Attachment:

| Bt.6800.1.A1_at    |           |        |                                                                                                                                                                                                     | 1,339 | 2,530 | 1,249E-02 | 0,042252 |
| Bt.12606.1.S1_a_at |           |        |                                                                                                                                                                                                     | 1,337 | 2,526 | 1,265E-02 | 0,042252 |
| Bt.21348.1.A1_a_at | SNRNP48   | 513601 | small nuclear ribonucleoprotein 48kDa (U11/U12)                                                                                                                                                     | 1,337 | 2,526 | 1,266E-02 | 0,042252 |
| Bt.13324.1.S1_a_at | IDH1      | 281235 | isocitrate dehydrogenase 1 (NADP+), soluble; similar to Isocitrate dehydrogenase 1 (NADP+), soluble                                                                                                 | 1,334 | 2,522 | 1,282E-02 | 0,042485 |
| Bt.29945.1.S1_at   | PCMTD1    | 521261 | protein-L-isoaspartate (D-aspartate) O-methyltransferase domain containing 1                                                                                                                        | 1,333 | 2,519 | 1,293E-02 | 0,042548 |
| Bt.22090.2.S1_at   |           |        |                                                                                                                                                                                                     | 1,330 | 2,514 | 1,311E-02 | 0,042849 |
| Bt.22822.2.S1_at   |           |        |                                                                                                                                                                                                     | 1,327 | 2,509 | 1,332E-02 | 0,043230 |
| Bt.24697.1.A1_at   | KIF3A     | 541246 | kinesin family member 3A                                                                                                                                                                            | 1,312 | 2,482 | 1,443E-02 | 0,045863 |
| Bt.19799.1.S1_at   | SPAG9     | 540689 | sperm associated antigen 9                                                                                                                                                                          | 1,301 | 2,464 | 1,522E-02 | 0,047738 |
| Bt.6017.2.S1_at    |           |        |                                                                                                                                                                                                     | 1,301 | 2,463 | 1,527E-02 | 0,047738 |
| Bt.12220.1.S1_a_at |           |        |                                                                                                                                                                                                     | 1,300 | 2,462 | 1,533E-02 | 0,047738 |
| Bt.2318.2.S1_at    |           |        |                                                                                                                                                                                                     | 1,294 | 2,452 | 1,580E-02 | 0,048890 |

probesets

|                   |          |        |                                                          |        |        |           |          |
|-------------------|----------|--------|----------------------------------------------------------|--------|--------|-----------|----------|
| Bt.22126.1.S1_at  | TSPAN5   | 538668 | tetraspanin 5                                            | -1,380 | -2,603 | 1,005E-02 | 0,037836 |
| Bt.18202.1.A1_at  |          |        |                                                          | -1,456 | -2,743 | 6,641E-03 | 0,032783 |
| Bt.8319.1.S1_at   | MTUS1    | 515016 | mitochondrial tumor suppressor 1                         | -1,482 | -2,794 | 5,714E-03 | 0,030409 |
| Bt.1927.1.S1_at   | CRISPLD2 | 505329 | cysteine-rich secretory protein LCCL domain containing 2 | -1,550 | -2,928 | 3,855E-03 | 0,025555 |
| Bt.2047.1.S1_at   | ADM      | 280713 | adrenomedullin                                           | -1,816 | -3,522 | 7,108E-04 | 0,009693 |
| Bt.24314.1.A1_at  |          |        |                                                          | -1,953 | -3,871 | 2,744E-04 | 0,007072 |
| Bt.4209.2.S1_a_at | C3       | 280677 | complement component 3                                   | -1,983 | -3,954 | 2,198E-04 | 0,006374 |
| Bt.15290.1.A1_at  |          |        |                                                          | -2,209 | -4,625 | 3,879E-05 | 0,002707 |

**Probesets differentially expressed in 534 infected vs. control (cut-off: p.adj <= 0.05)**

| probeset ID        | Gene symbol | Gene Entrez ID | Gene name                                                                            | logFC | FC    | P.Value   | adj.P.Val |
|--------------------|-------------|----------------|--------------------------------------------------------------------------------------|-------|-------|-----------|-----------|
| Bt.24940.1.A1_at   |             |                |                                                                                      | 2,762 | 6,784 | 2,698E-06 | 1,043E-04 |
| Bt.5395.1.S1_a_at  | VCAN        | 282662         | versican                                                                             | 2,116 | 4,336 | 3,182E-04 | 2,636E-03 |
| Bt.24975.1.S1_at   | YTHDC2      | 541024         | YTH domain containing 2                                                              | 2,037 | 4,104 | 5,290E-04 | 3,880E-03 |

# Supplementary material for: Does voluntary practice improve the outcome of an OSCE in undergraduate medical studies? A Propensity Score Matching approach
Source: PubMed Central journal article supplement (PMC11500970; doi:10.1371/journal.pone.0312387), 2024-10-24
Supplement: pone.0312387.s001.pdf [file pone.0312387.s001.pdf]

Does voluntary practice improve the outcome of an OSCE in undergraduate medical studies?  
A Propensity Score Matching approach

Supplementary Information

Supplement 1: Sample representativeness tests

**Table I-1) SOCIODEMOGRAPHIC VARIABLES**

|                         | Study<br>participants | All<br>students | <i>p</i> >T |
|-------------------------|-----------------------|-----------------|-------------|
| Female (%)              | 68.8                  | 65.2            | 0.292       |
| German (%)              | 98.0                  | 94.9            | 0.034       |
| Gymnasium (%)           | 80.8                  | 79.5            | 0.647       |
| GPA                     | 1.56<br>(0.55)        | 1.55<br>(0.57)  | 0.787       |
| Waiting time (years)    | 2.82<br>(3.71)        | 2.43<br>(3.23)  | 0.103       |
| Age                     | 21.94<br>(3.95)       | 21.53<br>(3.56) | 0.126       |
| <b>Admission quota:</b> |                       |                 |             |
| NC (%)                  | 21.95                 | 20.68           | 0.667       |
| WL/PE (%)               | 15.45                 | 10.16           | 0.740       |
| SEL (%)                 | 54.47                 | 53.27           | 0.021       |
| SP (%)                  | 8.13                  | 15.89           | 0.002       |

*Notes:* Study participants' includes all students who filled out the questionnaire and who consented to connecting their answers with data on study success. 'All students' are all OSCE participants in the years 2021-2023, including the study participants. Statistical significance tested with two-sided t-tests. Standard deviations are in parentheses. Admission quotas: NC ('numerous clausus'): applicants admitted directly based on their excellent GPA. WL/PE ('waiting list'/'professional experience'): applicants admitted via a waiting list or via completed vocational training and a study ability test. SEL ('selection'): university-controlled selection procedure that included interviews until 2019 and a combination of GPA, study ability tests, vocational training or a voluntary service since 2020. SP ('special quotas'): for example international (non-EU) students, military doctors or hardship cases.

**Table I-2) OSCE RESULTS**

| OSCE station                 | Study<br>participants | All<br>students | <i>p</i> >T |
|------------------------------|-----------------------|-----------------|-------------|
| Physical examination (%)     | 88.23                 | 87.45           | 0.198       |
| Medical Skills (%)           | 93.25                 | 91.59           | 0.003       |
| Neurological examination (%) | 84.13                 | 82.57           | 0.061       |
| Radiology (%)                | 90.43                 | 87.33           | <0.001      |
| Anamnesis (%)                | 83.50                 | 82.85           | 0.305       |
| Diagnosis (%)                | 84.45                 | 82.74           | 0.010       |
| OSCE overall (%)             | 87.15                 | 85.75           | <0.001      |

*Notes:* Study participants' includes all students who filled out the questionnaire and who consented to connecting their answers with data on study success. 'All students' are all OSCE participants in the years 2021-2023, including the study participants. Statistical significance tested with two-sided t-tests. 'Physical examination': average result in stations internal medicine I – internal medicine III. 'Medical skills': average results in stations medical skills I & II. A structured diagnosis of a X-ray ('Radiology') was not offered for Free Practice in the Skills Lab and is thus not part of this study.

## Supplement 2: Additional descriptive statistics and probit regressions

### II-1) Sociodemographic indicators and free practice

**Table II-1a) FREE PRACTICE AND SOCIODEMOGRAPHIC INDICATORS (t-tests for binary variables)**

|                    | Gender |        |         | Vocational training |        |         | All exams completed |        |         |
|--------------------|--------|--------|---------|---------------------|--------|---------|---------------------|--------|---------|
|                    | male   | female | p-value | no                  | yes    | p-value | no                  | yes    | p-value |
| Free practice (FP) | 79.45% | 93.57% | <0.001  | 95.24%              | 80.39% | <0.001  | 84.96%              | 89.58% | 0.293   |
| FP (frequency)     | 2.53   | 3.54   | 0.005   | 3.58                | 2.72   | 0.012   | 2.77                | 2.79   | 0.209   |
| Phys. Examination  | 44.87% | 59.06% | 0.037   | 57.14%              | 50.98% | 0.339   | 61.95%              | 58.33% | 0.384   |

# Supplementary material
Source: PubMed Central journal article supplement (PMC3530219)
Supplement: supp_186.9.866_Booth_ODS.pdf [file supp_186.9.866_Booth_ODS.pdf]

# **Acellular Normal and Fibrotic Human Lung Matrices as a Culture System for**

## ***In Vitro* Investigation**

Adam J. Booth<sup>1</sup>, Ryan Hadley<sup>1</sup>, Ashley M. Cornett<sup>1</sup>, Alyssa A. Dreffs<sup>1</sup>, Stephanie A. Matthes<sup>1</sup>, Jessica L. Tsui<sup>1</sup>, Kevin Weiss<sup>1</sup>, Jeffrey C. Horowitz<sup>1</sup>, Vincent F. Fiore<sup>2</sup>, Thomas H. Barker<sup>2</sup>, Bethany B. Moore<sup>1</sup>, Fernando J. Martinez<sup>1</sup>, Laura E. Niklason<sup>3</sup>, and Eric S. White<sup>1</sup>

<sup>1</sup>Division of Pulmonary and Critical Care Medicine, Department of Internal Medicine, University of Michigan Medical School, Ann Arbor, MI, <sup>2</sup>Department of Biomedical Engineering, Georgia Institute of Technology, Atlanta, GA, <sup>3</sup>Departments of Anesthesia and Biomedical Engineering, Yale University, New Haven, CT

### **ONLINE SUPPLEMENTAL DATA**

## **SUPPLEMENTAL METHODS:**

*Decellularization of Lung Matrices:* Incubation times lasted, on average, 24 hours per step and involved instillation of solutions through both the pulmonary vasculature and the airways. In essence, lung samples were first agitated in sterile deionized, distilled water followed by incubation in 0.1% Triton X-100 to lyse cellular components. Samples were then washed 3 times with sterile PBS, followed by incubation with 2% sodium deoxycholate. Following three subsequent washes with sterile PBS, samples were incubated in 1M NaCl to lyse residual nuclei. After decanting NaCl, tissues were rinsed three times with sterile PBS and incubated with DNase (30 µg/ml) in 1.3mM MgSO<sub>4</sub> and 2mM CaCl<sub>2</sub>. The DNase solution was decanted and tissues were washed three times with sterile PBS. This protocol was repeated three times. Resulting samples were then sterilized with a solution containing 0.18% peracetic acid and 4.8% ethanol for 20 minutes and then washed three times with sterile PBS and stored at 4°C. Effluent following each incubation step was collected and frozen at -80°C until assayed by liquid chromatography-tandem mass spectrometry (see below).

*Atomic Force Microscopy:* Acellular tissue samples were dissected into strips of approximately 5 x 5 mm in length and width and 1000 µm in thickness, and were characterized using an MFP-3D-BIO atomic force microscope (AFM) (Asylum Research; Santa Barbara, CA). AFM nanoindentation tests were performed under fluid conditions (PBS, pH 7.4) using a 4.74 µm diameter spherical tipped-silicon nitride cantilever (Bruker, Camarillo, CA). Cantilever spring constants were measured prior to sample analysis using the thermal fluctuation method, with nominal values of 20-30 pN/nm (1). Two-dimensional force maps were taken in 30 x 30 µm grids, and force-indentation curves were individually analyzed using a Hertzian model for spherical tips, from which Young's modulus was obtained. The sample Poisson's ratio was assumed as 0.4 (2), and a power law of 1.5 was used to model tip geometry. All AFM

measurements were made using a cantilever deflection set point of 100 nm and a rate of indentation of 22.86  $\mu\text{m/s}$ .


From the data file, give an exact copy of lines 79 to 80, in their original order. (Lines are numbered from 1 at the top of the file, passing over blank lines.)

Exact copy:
### **ONLINE SUPPLEMENTAL DATA**

## **SUPPLEMENTAL METHODS:**